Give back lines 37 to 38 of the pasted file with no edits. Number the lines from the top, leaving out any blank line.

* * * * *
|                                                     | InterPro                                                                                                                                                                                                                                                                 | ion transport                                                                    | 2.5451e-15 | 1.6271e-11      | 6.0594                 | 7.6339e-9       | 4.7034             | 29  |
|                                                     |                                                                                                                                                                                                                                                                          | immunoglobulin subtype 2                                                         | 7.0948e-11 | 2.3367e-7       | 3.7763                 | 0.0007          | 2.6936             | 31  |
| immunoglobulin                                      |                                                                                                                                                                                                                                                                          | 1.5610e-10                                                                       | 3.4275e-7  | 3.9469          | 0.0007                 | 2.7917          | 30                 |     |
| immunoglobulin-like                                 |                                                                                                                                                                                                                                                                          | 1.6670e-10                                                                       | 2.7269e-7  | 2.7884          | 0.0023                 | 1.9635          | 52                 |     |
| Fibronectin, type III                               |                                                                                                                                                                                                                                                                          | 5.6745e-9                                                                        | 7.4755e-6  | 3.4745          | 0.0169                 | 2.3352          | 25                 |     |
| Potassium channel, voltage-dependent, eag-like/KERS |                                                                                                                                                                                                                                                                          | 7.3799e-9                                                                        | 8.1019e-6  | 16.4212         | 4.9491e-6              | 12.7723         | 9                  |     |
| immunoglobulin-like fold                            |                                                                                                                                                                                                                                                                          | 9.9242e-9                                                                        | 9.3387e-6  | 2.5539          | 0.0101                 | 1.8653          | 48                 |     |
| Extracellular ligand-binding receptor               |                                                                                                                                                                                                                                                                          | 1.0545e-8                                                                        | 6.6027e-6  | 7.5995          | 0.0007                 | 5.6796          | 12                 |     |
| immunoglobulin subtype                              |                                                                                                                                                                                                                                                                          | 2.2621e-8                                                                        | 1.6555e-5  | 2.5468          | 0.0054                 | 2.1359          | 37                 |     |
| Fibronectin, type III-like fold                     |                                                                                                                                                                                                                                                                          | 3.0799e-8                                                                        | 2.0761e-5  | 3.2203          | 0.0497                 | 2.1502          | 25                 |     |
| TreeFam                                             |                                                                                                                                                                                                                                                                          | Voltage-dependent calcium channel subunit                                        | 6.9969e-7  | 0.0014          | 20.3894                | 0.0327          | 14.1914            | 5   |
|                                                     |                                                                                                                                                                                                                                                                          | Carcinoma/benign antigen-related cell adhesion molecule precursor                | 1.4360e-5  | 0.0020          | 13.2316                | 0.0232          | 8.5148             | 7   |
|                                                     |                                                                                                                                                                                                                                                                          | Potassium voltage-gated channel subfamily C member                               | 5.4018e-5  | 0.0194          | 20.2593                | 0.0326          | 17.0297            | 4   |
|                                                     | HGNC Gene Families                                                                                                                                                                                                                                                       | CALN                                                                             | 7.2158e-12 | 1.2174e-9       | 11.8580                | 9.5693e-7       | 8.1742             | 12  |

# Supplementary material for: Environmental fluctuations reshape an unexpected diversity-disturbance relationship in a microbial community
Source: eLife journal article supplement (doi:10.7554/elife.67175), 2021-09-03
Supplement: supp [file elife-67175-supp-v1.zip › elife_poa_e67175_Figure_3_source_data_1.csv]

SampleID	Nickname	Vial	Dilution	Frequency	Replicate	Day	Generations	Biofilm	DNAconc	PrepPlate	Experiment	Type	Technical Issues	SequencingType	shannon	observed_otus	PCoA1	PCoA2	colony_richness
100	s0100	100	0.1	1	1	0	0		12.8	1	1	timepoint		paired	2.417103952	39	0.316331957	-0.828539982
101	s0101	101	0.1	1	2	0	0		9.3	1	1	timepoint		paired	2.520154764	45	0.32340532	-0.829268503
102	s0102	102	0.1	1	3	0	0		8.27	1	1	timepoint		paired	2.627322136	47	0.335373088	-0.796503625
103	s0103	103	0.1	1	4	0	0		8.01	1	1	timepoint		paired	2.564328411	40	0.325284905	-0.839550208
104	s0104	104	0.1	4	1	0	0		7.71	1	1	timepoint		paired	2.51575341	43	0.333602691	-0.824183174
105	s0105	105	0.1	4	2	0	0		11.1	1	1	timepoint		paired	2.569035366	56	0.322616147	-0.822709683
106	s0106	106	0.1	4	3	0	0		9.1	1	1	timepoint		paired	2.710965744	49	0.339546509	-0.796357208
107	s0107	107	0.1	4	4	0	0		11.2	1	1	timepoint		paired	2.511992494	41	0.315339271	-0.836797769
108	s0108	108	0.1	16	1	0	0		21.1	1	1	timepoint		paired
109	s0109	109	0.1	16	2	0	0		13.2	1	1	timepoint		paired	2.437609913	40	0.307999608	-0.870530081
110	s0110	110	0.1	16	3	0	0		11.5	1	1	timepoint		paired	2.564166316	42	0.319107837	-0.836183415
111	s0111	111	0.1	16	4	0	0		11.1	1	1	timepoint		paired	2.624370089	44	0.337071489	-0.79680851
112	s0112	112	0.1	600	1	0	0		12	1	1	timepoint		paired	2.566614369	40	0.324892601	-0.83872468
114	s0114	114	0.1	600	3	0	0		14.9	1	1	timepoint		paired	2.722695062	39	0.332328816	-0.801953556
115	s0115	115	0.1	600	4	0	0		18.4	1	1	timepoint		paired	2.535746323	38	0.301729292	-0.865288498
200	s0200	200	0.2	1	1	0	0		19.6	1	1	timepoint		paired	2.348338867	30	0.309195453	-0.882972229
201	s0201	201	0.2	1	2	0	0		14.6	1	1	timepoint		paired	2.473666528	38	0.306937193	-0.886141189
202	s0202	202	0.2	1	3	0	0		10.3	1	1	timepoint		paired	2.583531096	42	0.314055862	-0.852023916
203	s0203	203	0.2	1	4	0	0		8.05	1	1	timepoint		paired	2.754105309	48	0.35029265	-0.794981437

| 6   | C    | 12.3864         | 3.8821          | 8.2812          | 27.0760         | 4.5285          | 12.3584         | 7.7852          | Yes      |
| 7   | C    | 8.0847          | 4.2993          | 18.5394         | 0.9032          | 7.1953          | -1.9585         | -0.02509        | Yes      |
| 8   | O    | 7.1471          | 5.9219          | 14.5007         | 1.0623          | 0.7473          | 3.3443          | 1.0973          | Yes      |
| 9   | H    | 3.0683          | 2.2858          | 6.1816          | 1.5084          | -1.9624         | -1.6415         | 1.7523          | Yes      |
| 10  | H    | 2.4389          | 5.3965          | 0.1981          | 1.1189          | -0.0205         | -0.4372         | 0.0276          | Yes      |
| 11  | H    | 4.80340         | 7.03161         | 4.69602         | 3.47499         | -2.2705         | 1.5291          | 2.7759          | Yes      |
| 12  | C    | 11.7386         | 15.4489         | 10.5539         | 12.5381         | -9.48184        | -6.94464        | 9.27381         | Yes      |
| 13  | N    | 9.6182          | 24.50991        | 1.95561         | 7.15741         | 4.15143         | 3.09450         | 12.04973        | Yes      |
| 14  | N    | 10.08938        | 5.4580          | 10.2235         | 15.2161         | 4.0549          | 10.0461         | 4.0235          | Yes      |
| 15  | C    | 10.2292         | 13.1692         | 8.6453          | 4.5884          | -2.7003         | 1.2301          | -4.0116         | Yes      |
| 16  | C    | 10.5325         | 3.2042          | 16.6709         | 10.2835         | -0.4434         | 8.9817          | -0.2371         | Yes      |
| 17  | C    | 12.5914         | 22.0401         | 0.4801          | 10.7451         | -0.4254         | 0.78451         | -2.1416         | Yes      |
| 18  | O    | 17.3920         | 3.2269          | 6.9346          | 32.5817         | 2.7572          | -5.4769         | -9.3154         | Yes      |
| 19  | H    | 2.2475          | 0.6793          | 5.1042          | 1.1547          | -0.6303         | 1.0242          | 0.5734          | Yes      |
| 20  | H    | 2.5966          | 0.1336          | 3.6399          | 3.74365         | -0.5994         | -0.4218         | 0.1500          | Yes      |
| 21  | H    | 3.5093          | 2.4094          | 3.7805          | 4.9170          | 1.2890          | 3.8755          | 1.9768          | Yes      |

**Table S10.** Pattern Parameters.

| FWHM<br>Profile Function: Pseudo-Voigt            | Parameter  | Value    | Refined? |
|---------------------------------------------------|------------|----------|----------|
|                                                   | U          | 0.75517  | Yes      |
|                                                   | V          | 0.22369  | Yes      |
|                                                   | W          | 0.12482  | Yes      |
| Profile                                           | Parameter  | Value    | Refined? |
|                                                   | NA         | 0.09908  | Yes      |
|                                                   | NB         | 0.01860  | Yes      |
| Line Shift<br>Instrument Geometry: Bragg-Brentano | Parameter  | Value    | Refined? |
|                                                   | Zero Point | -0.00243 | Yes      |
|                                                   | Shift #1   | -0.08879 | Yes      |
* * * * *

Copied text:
203	s0203	203	0.2	1	4	0	0		8.05	1	1	timepoint		paired	2.754105309	48	0.35029265	-0.794981437

| 6   | C    | 12.3864         | 3.8821          | 8.2812          | 27.0760         | 4.5285          | 12.3584         | 7.7852          | Yes      |